Wednesday, February 09, 2011

Getting a Foot in the Closet Door

All in the Family was a product of its times.

It couldn't have been the popular hit that it became in the 1970s without the painful soul searching that American culture was forced to do in the 1960s when it saw its political and social leaders gunned down repeatedly and its young torn away in disillusionment over not just a war but also a society that would allow it to be fought under the flimsiest of pretenses.

All in the Family was recognized during its long, successful run for exposing prejudice and hypocrisy in ways that no other television series had ever done. If today its humor seems almost simplistic, one must remember that it was not written and produced for audiences in the 21st century but for those either directly engaged in conflict or affected by it nonetheless.

The writers, who were as talented as any who ever wrote for television, often had a fine line to walk. They often had to use language that implied things that might be expressed in more blunt terms today. If, at times, the language seems timid, even reserved, one must remember it was a different audience in a different time.

And, while people often seem to think of racial conflict when they think of All in the Family's role in cultural history, Archie Bunker wasn't merely a racial bigot. He was an all–purpose bigot, perfect for a time when all prejudices were facing reassessments from a public that was discovering it had been misled by many of the things it had been taught to believe.

Some of the movements that gained virtually instant momentum from All in the Family, particularly the ones regarding civil rights and women's rights, owe a debt of gratitude to the program. They gained a level of acceptance that, in some cases, kind of overshot the movements' goals.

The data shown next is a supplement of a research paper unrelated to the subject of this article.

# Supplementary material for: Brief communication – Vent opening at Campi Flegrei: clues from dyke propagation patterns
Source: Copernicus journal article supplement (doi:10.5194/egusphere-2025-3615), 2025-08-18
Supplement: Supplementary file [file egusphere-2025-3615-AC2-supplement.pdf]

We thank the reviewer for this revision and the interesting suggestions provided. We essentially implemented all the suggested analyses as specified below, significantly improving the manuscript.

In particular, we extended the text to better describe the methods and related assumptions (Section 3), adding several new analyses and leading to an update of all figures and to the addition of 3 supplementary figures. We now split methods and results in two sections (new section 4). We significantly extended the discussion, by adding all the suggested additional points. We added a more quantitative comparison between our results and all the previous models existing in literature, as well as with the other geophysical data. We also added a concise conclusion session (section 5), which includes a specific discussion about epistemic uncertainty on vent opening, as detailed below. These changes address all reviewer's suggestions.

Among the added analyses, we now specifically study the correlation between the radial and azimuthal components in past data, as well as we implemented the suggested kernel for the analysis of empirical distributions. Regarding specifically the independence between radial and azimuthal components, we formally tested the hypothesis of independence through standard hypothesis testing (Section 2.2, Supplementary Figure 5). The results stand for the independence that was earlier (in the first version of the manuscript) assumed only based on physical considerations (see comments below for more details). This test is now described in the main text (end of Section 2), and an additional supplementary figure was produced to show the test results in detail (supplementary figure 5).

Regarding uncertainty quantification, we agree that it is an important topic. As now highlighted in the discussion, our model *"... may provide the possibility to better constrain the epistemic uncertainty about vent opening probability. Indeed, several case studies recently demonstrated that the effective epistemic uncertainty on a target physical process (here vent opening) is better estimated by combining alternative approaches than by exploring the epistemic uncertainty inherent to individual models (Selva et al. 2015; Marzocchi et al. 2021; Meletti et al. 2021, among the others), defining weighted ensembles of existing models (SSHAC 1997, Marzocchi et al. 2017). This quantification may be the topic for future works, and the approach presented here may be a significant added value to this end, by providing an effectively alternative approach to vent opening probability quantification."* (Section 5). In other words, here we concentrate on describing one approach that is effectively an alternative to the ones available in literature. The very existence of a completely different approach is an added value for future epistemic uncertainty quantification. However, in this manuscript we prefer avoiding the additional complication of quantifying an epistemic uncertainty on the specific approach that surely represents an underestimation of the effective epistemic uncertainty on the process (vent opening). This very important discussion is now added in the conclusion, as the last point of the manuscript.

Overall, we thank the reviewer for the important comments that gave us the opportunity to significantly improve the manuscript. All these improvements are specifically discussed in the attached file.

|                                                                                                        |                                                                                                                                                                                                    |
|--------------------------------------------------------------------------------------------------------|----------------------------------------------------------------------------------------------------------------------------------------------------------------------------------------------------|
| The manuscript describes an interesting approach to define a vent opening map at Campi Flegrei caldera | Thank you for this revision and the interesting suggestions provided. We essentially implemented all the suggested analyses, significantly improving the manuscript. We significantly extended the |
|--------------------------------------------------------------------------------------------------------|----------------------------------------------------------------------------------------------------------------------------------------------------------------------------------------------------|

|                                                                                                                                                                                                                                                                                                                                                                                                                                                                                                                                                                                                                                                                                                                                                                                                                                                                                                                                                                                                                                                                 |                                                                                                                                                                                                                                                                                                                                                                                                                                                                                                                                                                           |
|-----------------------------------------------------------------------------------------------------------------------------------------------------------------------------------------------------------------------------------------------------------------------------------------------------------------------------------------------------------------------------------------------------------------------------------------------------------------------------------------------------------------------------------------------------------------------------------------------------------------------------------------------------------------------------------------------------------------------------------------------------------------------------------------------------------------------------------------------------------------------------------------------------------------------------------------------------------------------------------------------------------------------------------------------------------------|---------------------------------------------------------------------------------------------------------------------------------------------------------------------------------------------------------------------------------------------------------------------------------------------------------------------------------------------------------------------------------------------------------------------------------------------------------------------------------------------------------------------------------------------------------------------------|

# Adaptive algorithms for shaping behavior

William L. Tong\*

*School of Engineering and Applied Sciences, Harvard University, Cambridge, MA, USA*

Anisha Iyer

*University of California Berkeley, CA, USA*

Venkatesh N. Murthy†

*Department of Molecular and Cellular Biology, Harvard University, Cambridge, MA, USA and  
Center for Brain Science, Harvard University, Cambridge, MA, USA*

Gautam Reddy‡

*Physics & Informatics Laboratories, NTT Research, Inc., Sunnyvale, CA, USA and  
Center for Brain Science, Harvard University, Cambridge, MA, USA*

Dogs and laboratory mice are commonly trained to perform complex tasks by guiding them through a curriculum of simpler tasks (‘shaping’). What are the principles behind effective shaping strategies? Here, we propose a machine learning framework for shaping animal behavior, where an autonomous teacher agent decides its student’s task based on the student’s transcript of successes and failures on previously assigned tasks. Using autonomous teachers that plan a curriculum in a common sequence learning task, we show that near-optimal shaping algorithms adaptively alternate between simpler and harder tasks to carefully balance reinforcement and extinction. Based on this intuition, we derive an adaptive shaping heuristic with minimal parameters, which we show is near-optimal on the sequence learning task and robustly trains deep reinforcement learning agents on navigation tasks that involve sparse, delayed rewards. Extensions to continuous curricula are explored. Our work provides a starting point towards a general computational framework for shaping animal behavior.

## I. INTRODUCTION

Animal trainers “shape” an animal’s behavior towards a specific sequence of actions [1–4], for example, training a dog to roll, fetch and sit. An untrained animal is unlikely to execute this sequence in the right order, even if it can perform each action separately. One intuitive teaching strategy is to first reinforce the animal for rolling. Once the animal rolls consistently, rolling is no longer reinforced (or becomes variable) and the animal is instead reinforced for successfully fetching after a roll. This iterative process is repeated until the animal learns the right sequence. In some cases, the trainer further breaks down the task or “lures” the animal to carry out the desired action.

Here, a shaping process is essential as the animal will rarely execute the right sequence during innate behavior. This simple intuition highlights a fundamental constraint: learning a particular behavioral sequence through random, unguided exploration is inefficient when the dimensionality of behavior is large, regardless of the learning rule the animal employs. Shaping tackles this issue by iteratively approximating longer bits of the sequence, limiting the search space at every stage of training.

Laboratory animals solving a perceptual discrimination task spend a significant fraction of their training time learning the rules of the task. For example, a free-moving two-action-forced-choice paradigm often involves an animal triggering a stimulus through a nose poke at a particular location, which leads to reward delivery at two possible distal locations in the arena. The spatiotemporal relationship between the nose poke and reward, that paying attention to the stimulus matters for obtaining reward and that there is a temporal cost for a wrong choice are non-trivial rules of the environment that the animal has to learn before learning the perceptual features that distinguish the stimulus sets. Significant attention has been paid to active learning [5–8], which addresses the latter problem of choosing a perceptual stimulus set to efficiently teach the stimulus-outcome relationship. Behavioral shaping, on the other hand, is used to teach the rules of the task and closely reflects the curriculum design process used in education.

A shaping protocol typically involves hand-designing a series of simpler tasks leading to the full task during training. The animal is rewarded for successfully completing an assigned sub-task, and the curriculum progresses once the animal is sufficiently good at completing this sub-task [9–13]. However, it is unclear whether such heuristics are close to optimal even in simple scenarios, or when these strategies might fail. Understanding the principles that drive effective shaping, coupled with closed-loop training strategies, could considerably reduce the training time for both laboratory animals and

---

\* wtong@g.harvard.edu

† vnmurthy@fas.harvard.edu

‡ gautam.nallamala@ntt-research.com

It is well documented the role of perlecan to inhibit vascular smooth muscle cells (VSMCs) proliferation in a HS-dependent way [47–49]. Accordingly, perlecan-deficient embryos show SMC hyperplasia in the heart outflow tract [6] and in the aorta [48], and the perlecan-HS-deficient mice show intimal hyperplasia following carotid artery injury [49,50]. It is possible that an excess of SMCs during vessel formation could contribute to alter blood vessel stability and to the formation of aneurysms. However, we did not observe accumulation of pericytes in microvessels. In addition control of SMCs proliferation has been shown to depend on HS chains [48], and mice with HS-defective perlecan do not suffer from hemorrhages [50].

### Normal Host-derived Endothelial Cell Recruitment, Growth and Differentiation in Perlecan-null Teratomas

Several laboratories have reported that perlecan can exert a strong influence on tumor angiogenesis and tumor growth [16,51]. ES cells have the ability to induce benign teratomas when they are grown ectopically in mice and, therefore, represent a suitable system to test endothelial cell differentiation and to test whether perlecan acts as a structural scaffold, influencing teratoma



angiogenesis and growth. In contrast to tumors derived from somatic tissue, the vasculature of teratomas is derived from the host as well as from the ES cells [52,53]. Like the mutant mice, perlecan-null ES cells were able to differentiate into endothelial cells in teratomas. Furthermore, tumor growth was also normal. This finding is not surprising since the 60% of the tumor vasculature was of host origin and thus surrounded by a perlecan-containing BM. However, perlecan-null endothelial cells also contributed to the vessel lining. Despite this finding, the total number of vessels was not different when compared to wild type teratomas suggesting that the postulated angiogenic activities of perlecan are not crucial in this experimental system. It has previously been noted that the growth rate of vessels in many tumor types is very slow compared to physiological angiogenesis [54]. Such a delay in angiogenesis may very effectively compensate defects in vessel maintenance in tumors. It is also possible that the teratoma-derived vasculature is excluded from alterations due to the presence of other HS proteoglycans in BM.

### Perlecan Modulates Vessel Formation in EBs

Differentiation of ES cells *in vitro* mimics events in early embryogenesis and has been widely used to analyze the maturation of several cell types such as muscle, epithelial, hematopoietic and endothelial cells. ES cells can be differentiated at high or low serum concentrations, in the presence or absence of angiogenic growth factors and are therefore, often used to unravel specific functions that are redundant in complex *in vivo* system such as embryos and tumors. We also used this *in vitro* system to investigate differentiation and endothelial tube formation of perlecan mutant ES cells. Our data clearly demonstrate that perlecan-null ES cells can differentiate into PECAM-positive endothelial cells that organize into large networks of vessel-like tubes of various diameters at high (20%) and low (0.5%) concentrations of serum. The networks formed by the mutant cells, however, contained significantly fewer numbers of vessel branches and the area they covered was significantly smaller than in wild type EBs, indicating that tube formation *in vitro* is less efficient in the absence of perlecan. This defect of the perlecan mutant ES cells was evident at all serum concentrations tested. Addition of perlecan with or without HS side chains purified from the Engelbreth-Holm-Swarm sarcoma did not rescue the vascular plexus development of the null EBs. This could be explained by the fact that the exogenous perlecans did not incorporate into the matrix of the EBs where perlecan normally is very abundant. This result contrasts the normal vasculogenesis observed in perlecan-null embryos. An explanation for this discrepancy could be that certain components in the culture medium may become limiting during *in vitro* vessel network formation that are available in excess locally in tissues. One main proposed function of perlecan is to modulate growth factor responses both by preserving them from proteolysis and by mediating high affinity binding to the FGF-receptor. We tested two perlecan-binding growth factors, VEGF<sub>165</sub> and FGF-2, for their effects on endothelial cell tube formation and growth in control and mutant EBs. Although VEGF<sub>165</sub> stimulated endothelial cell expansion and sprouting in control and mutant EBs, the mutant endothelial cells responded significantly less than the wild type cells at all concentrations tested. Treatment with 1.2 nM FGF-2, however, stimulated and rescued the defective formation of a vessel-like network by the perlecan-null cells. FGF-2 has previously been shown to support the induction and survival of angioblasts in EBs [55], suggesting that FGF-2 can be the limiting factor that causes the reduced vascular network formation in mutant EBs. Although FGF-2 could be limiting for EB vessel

Other movements received similar introductions to the public but, for many reasons, did not acquire the same kind of momentum, and only recently, it seems, have they begun to make up for it.

One such movement is the one for gay rights.

On this day 40 years ago, most white middle–class Americans, even in the South, agreed that black Americans should have the same rights and privileges as anyone else. And many middle–class male Americans believed the same thing about female Americans.

Their support was necessary if those groups were to make the kinds of gains they wanted to make. And, in recent years, we have witnessed the blossoming of those goals with the election of the first black president and record numbers of women serving in the House and Senate.

But not so with homosexuals. Their acceptance by mainstream America has been slower, even though All In the Family tried, from time to time, to address the issue.

It first did so on this night, when it tried to cast its bright spotlight on what it justifiably called "Judging Books By Covers."

The episode was a contrast in stereotypes — an actor named Anthony Geary (who went on to become the Luke of the Luke and Laura couple whose 1981 wedding was a watershed moment in daytime TV history) played an effeminate friend of Mike and Gloria, and an actor named Phil Carey played a friend of Archie's.

Despite appearances, Geary's character was straight, and Carey's (who was big, muscular, a former pro football player, a stereotypical man's man) was gay — all contrary to Archie's convictions about the sexes and sexual roles.

It was a landmark moment in the evolution of television. Prior to that time, homosexuals were treated as jokes.

Things were slow to change — slowed even more, perhaps, by the stigma of AIDS in the early days of the epidemic — and they continued to be treated that way in many television depictions in the years to come, but All in the Family did manage to get its foot into the closet door.